Comparison of Old and Brand-New Tires. Test from Polish TÜV SÜD

Car owners who buy new tires very often pay attention to the date of manufacture, and if the tires are not “fresh”, straight from the factory, they either do not want to take them or demand a discount. So, today we will try to find out how right it is and whether the performance of “old” tires, which have been in storage for a long time, is noticeably worse than new ones. The results of the test by the Polish organization TÜV SÜD will help us.

Comparison of Old and Brand-New Tires

Almost all car owners have heard the manufacturers say that unused tires, even after several years of storage, may still retain the same performance characteristics as tires straight out of the factory. In other words, lying around doesn’t mean it works. Let’s check.

At the request of the Polish Tire Industry Association, TÜV SÜD conducted an unusual test in March 2021 that examined the traction properties of old and new winter tires on wet pavement. The aim was to find out how tire performance was affected by long-term storage. The experts tested whether the tires retain all the declared characteristics of two years of storage.

The tests were conducted on the Polish Skoda Autodrom, whose surface was carefully inspected and prepared for the tests. Also used for testing was a Skoda, specifically Škoda Scala, 2020, equipped with advanced measurement systems. The car was driven, of course, by a professional tester of the expert group TÜV SÜD.

Škoda Scala

Two sets of winter tires of the same model were used in the tests. One set was only a few weeks old, and the second came off the assembly line in mid-2018. The tests were conducted following ECE R117 test regulations. The driver’s task was to accelerate to a certain speed and brake sharply. When analyzing the results, the average braking distance was taken into account.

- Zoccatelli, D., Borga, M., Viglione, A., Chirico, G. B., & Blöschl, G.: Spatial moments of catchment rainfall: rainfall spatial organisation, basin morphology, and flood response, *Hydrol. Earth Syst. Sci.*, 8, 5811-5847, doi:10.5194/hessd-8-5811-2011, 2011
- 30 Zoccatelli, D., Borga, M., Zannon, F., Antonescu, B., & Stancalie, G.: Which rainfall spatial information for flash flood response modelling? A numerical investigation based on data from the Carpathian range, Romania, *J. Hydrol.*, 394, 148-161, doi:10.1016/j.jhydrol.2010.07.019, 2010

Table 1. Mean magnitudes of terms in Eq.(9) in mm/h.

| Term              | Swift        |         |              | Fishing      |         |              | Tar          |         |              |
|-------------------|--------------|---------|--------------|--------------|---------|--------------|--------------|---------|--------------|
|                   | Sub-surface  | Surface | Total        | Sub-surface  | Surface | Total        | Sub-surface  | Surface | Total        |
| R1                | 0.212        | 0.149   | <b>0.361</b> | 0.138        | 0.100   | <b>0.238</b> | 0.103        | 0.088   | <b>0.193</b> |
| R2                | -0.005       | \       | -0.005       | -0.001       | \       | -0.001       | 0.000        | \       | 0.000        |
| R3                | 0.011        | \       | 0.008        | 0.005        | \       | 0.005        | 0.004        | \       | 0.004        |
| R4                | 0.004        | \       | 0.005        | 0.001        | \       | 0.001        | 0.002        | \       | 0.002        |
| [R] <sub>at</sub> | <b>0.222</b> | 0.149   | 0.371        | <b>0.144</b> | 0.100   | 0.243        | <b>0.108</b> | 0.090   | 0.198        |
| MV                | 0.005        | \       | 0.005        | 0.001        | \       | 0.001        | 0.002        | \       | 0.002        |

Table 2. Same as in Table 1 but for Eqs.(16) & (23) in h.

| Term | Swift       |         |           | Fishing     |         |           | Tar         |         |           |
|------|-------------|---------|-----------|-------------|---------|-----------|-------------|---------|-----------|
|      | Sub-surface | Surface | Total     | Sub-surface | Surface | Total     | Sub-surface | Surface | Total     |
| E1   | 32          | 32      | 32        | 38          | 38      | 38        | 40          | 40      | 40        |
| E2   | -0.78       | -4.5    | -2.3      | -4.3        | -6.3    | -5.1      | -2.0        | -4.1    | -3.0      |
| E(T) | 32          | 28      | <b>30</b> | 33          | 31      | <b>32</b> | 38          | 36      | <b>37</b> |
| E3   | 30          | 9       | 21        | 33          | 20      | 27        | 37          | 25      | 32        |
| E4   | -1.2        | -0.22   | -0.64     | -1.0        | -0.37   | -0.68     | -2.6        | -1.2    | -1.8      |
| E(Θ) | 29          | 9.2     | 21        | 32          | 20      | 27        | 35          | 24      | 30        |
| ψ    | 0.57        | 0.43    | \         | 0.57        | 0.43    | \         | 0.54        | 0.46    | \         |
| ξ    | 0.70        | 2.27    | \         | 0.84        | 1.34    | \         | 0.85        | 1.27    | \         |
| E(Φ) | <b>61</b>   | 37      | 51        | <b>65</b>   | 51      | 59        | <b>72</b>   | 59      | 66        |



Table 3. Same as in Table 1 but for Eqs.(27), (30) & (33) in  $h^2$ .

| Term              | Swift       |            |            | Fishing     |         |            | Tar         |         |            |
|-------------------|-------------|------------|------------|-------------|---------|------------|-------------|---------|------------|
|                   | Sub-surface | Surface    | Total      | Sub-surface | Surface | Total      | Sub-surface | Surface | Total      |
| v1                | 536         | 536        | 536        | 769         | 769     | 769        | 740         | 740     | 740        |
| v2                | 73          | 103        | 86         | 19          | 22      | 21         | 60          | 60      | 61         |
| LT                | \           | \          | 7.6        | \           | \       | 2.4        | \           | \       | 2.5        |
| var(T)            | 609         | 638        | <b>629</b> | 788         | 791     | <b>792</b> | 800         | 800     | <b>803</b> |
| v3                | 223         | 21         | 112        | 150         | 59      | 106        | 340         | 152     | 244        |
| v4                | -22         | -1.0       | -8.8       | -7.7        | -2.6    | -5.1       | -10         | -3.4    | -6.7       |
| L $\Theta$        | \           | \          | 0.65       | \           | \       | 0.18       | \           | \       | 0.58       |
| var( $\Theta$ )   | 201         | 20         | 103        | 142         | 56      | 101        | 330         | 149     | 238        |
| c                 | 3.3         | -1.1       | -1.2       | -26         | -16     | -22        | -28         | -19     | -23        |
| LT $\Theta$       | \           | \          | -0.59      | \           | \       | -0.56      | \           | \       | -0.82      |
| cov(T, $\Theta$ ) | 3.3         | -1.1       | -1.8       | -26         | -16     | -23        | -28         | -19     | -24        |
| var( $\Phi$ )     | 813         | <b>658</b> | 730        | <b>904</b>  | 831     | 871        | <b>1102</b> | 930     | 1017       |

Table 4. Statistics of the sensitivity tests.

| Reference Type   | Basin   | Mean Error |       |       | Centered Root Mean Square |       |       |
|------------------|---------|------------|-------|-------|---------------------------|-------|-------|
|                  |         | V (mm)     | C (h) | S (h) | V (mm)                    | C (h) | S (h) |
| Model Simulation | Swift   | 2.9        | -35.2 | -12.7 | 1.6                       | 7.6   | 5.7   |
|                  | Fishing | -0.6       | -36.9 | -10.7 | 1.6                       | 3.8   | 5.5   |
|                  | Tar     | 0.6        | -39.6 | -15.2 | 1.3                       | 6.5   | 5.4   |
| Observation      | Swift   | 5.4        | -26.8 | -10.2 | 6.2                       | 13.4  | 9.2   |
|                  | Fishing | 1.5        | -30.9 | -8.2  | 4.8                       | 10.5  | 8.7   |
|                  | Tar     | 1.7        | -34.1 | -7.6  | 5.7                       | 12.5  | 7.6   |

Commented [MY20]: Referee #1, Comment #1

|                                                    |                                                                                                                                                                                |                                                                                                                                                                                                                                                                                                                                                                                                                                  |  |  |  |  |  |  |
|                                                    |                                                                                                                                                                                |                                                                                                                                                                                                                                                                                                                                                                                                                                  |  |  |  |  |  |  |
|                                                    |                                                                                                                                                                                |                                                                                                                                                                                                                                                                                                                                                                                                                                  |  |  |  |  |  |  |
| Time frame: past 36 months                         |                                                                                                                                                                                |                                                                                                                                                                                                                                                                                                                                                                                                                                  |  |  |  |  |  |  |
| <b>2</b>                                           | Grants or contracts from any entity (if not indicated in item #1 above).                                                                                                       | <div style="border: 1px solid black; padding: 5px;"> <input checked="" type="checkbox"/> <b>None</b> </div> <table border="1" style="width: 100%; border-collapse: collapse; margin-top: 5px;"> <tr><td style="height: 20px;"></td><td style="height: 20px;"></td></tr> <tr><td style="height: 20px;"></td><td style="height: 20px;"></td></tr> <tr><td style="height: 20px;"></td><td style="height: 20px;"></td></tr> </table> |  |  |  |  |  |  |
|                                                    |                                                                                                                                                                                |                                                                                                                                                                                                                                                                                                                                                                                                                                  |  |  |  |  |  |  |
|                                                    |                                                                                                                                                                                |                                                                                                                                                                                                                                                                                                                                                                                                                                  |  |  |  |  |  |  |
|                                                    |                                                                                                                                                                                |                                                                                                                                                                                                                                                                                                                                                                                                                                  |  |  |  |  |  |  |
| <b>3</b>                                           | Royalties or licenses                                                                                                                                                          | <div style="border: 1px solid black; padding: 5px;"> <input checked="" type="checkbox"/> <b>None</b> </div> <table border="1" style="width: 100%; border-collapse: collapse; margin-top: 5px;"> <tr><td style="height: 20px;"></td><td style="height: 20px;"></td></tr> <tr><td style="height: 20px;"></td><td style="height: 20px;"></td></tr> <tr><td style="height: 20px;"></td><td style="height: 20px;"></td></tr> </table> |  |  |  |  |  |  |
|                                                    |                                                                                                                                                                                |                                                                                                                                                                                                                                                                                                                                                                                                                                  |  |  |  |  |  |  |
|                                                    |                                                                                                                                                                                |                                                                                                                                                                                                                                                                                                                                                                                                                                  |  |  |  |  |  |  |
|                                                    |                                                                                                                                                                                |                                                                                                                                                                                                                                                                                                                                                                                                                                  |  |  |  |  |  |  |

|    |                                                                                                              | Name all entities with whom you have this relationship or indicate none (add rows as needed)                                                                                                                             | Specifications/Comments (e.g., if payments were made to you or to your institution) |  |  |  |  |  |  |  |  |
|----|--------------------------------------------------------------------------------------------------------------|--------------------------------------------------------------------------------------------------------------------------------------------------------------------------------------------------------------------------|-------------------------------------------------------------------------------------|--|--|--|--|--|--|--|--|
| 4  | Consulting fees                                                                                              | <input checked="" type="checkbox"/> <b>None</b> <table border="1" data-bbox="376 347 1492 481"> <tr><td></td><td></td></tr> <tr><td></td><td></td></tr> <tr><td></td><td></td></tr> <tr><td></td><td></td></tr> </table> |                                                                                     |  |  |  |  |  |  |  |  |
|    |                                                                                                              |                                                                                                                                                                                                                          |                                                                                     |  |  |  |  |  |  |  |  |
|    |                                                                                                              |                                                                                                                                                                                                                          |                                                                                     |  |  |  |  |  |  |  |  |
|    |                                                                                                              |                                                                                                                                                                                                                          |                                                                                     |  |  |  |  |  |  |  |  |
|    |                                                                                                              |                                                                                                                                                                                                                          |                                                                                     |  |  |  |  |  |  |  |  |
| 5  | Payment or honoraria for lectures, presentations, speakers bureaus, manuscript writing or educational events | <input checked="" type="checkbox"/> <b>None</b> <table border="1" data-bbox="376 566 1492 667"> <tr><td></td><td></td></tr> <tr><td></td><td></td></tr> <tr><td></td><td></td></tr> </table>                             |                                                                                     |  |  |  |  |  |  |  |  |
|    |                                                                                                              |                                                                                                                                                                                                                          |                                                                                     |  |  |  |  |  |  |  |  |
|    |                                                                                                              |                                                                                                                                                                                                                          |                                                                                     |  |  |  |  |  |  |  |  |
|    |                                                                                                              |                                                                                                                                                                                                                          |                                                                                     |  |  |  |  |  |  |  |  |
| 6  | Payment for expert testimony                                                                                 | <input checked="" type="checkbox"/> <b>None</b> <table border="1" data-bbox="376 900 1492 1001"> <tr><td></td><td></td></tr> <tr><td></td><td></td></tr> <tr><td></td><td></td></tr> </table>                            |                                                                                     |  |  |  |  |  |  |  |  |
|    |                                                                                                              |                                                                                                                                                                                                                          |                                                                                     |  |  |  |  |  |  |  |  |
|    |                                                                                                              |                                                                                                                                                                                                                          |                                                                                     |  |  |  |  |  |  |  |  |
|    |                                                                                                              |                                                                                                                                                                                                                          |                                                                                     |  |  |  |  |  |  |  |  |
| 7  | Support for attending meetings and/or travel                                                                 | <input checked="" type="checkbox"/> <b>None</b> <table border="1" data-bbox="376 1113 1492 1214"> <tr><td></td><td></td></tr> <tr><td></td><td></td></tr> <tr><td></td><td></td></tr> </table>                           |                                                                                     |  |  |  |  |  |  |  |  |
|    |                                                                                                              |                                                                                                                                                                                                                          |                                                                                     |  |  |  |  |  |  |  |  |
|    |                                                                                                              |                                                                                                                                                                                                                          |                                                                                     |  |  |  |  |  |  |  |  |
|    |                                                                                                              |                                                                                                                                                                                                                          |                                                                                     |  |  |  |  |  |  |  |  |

So, it’s time for the most interesting. Let’s look at the results of the test because we are more than sure, that very many of those who are now hovering in this article asked themselves a question about old and fresh tires. And maybe even more than once.

The results of the impromptu test were unexpected. The stock tires were slightly better than the new ones, though in practice the difference in measured braking distances was almost negligible: the braking distance of the new tires was 41.86 m, while the two-year-old ones from the stock were 40.99 m. Judge for yourself. There seems to be a difference, but do these millimeters count as a difference at all?

Comparison of Old and Brand-New Tire

In other words, the main conclusion to be drawn from the results of the test carried out by Polish auto experts is that if they are stored correctly, i.e. in a dry, cool, dark warehouse without contact with aggressive chemicals or fuel vapors, and they are properly positioned, the aging process is very slow, and the tires retain their original technical characteristics. And quality. In that case, it’s safe to buy tires made just a year or two earlier.

But there is one, big problem: the buyer cannot be 100% sure of the promises that the seller will feed him about the storage conditions of the tires. There is no guarantee that the tires have not been outdoors under a tarp for a year or two. This is a question of trust.

Considering the cost of storage in a warehouse that meets all the necessary requirements, many distributors are tempted to save money on their storage. And the refusal to buy old tires is primarily a consequence of mistrust of sellers. Sellers, therefore, can only be advised to show customers the condition of the tires in their warehouses. If you buy your tires from a trusted distributor, there is nothing to worry about.

Criticism of the Test

You may be disappointed with the results of the test and the conclusions seem dull and lacking in sensationalism. But, it is worth noting that the results of this test can be questioned for several reasons:

  • Only one set of old tires and one set of new tires participated in the test. A test of several sets of different models would have shown more accurate results.
  • It would have been more accurate to use tires purchased from a retailer.
  • The test was commissioned by a stakeholder (Polish Tire Industry Association). Tire manufacturers are interested in not having to sell their products that are stale in stock at a discount “for their age”.
  • Only the results of the wet gauge are published. It would be logical that the braking performance of winter tires would be investigated also on dry asphalt and snow.
  • Only the properties of tires in their new condition were tested. Older tires can degrade faster over time.